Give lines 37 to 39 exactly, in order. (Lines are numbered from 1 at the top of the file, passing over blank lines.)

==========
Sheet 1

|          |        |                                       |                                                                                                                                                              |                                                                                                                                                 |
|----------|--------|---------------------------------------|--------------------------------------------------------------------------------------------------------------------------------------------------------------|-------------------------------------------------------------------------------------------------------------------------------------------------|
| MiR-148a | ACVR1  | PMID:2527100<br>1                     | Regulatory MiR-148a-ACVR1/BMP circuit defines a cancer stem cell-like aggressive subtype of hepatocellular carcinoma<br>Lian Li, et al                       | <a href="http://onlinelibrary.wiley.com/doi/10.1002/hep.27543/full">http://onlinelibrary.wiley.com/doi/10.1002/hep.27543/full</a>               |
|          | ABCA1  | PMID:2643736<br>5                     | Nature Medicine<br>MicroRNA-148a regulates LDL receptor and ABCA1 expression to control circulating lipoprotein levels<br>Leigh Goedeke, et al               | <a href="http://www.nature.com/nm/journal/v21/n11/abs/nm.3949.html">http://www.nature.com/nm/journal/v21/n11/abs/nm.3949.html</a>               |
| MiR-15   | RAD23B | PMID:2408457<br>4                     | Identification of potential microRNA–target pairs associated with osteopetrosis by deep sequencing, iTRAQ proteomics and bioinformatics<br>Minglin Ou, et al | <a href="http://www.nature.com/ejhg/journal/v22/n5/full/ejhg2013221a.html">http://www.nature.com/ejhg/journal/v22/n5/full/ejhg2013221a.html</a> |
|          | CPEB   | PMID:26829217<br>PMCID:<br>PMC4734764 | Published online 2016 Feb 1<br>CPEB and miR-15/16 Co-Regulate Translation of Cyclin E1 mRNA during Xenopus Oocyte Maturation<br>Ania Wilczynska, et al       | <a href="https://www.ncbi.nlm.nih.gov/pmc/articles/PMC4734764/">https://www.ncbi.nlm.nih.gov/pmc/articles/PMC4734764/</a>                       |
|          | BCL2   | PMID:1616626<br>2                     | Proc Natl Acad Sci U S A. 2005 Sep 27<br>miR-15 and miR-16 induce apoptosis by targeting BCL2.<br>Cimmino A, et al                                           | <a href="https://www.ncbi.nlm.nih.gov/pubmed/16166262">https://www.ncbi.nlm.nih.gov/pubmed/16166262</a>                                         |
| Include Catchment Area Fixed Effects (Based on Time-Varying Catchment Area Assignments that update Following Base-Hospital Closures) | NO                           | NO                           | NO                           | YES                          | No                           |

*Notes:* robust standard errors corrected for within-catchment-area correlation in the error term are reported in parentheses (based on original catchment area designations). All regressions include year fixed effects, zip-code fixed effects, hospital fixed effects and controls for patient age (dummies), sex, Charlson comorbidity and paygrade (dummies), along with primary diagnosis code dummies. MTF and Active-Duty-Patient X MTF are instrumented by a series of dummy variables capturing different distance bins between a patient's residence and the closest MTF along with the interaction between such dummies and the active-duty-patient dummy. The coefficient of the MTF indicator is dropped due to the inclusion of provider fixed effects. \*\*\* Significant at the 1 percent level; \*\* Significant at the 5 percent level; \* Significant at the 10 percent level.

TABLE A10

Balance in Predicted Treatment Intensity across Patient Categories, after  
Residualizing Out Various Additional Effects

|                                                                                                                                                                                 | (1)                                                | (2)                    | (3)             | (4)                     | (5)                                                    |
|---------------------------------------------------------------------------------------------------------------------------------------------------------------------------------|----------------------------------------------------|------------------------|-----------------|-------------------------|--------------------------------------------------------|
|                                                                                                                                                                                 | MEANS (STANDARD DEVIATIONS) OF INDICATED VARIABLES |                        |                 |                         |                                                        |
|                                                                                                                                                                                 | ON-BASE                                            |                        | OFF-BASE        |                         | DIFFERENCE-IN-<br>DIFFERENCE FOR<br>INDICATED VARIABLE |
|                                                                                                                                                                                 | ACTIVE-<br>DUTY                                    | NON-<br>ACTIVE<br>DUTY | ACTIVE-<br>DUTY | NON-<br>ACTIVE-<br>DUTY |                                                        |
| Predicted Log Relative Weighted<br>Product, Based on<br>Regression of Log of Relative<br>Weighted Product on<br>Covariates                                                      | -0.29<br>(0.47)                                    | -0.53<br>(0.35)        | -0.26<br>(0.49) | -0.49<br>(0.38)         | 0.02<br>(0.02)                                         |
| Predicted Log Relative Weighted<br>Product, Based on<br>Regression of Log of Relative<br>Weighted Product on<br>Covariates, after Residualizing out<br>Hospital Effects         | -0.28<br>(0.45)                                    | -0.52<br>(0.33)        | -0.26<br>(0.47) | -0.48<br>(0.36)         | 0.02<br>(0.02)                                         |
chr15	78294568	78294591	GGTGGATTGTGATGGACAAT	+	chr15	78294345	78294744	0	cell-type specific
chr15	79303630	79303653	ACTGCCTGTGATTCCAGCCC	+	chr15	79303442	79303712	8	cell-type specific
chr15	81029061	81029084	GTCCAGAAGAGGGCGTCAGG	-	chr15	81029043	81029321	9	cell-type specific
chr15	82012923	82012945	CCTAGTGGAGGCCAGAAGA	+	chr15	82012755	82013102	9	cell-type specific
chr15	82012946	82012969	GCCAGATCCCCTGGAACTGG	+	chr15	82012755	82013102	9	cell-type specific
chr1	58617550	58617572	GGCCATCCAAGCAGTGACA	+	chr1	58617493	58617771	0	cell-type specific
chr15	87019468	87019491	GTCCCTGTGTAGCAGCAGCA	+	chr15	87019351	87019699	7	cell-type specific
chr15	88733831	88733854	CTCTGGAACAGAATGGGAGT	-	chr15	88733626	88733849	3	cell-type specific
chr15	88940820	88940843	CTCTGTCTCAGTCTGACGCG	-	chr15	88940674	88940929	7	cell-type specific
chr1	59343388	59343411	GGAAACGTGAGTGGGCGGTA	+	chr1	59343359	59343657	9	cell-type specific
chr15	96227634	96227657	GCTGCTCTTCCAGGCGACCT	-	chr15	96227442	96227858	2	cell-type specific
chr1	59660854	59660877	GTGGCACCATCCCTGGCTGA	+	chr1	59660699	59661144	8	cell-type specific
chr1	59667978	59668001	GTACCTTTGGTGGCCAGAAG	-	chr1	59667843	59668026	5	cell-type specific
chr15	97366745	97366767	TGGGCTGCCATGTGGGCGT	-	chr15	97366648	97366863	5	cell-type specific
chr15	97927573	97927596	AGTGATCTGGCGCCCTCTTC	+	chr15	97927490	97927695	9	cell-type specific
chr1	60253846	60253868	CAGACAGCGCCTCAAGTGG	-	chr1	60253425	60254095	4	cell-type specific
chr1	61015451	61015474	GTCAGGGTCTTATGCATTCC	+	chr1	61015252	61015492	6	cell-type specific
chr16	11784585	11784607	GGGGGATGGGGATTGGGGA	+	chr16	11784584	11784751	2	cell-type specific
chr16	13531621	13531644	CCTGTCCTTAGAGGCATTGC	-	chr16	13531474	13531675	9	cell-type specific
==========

chr1	61015451	61015474	GTCAGGGTCTTATGCATTCC	+	chr1	61015252	61015492	6	cell-type specific
chr16	11784585	11784607	GGGGGATGGGGATTGGGGA	+	chr16	11784584	11784751	2	cell-type specific
chr16	13531621	13531644	CCTGTCCTTAGAGGCATTGC	-	chr16	13531474	13531675	9	cell-type specific